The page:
At the start of his first day on the job, Sheriff Al Nienhuis stood in a room packed with new employees, many of whom didn't look happy to see him.
Most of them didn't want him there and were nervous about the new boss.
Had they known then in January 2010 what they know now, they would have realized they had a right to be nervous. Nienhuis isn't afraid to take harsh measures whenever trust is broken. He's admitted it and shown it.
As for the men and women who make up the department's administrative and command staff, he won them over — mostly.
Many of them have donated to his campaign, including Mike Maurer, who had applied for his job and was hand-picked by the previous sheriff to take over after he resigned for a career in Congress.
Nienhuis promptly promoted Maurer. His command staff has supported him since he shifted over from Pasco County, where he was the undersheriff. The reviews have been positive — mostly.
Nienhuis steered his department through the July 3, 2011, traffic death of deputy John Mecklenburg, and months later had to take hard questions from the media after the deputy's widow criticized him publicly and accused him of exploiting the death of her husband.
Not everyone sees it that way. Nienhuis said he maintains a good relationship with Mecklenburg's parents.
"It's as strong or stronger as it ever was," he said.
He also said it still hurts him that Penny Mecklenburg didn't agree with his decision to forge ahead with an April bill-signing ceremony that increases penalties against suspects convicted of leading law enforcement on fatal chases. In attendance were the governor, lieutenant governor and other invited guests — including those deputies who served alongside Mecklenburg.
"I still care very deeply for Penny" as well as her children, he said. "She has gone through something no one should have to go through.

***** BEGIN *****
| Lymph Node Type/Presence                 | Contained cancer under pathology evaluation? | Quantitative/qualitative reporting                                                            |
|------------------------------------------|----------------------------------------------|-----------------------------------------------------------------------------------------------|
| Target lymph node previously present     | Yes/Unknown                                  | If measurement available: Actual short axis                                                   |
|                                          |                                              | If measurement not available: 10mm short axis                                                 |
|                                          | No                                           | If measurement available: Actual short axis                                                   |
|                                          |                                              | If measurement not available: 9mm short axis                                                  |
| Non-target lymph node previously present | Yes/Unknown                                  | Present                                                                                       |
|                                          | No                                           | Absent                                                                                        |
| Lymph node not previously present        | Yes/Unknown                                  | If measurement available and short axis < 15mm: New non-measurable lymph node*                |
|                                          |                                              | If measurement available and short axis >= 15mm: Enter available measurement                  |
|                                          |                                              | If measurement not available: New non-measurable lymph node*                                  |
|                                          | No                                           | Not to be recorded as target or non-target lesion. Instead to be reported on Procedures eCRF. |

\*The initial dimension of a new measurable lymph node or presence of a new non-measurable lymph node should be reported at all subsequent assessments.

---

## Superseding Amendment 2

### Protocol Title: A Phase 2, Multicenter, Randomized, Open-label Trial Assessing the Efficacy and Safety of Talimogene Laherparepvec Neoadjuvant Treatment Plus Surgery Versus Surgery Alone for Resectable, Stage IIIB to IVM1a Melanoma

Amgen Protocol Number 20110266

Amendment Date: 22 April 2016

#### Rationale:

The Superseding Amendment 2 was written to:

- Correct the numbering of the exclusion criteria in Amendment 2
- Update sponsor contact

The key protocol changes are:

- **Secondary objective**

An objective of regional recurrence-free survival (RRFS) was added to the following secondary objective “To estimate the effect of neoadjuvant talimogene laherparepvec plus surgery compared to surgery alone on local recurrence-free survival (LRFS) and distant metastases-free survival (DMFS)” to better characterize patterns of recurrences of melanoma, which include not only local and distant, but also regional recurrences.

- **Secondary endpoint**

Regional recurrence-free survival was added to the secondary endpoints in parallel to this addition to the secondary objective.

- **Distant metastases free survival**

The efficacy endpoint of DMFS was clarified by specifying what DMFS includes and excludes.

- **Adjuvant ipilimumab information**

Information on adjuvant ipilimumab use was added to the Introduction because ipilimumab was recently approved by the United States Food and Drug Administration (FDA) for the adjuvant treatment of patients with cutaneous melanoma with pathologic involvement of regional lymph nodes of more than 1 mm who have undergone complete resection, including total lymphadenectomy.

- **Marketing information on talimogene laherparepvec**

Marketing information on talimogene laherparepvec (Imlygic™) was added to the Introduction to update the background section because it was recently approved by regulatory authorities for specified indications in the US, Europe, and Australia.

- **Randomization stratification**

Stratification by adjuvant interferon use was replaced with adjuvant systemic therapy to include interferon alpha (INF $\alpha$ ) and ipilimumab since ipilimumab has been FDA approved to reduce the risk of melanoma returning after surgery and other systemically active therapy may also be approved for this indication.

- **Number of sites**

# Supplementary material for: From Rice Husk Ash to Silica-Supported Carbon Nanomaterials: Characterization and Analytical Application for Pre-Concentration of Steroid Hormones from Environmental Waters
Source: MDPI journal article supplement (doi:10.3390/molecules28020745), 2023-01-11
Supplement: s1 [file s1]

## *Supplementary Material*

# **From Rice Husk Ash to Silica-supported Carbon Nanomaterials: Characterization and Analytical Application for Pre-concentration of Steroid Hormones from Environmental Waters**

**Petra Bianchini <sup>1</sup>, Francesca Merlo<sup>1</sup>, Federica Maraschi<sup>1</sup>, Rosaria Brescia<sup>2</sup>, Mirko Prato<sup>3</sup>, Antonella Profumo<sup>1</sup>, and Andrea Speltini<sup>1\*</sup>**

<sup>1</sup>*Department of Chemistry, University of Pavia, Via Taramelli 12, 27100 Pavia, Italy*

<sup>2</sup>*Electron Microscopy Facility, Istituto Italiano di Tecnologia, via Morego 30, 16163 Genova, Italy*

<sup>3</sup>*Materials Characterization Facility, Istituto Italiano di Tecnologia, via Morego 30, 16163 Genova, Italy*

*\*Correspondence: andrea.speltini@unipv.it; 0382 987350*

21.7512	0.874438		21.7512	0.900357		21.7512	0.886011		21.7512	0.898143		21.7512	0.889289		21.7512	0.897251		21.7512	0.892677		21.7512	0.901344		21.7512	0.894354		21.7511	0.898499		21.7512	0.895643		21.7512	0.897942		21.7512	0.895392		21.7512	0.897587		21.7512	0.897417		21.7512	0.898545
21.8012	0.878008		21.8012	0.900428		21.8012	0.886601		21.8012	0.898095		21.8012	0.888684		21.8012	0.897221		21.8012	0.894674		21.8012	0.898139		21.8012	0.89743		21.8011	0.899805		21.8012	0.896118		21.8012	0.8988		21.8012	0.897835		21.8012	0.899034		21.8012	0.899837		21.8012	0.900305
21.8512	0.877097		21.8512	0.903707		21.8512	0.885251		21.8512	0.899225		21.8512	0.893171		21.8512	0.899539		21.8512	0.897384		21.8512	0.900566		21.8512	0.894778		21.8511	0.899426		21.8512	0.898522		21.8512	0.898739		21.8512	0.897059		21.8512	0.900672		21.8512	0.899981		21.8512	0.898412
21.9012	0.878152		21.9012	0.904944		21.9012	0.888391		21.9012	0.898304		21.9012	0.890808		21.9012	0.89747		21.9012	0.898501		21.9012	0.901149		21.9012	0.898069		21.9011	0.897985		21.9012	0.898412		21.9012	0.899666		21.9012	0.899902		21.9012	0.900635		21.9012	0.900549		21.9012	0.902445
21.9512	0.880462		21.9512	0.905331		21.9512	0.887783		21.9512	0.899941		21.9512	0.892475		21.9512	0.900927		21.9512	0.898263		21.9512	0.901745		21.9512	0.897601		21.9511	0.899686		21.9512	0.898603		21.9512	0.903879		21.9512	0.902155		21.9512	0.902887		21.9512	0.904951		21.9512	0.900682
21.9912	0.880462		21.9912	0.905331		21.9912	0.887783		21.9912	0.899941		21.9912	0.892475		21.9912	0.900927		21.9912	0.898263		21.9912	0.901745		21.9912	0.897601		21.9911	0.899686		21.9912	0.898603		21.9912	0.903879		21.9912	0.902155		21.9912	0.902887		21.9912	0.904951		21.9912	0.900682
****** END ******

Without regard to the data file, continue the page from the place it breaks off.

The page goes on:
"I've thought long and hard about what I did," he continued. "Had I been retiring in January instead of running for election, I would've done the exact same thing. I owed it to John's squad, the agency and the citizens."
Nienhuis had caused ripples in the department just days earlier when he called for an internal affairs investigation into three respected employees at his agency — two of whom retired shortly thereafter.
One of them — Wendy McGinnis — was his media spokeswoman and a member of his command staff. He transferred her to patrol and believed then as he does now that her decision to retire was an overreaction to a minor punishment. She still remained on the sergeant's list and could have continued her law enforcement career for as long as she wanted, Nienhuis said.
She and her husband are now campaigning for Nienhuis' opponent in the primary race, Bobby Sullivan, a retired captain with the Pasco Sheriff's Office.
Nienhuis and Sullivan have history.
When then-Pasco Sheriff Bob White decided to let go some top-level employees in the wake of his 2008 election victory, he delegated that assignment to Nienhuis.
"When your sheriff calls in the second-in-command and says in no uncertain terms, 'These people have to go and you're going to be the one to do it,' you don't have many options," Nienhuis said. "It wasn't my decision to make.
"Typically, you don't see sheriffs criticize other sheriffs. If he lost confidence in some of the members of his command staff, he lost confidence in them."
Sullivan, who in 2008 ran against White in the Republican primary for Pasco sheriff and lost, rejects Nienhuis' explanation.
Nienhuis, during an interview earlier this month with Hernando Today, didn't fire back.
Decades ago, he said, he learned a valuable lesson: most candidates fall into one of two categories — the type who talks about his or her own experiences and accomplishments and the type who slings mud.
"I'd rather remain the former," he said.
Nienhuis does a lot to stay visible. He regularly visits with residents, whether at a Timber Pines community meeting or a dinner at a local Moose Lodge. Whenever the sheriff's office sends a media release about an arrest, it almost always includes a statement from him. His comments are equal parts praise for his deputies and a warning to those contemplating committing the same crime.
Nienhuis and Sullivan look at Hernando's crime statistics differently, but Nienhuis points to the numbers that show his department scoring better than national and state averages. He also said the crime rate in Hernando has been the lowest in 15 years and the clearance rate has been the highest during that same span.
Additionally, the major crimes unit, which worked nearly all of Hernando County's 20 homicides dating back to January 2010, has a 100 percent clearance rate since he has been sheriff.
"I'm involved. … I listen a lot, but I don't micromanage," Nienhuis said of his working relationship with his detectives. "I let them do their jobs."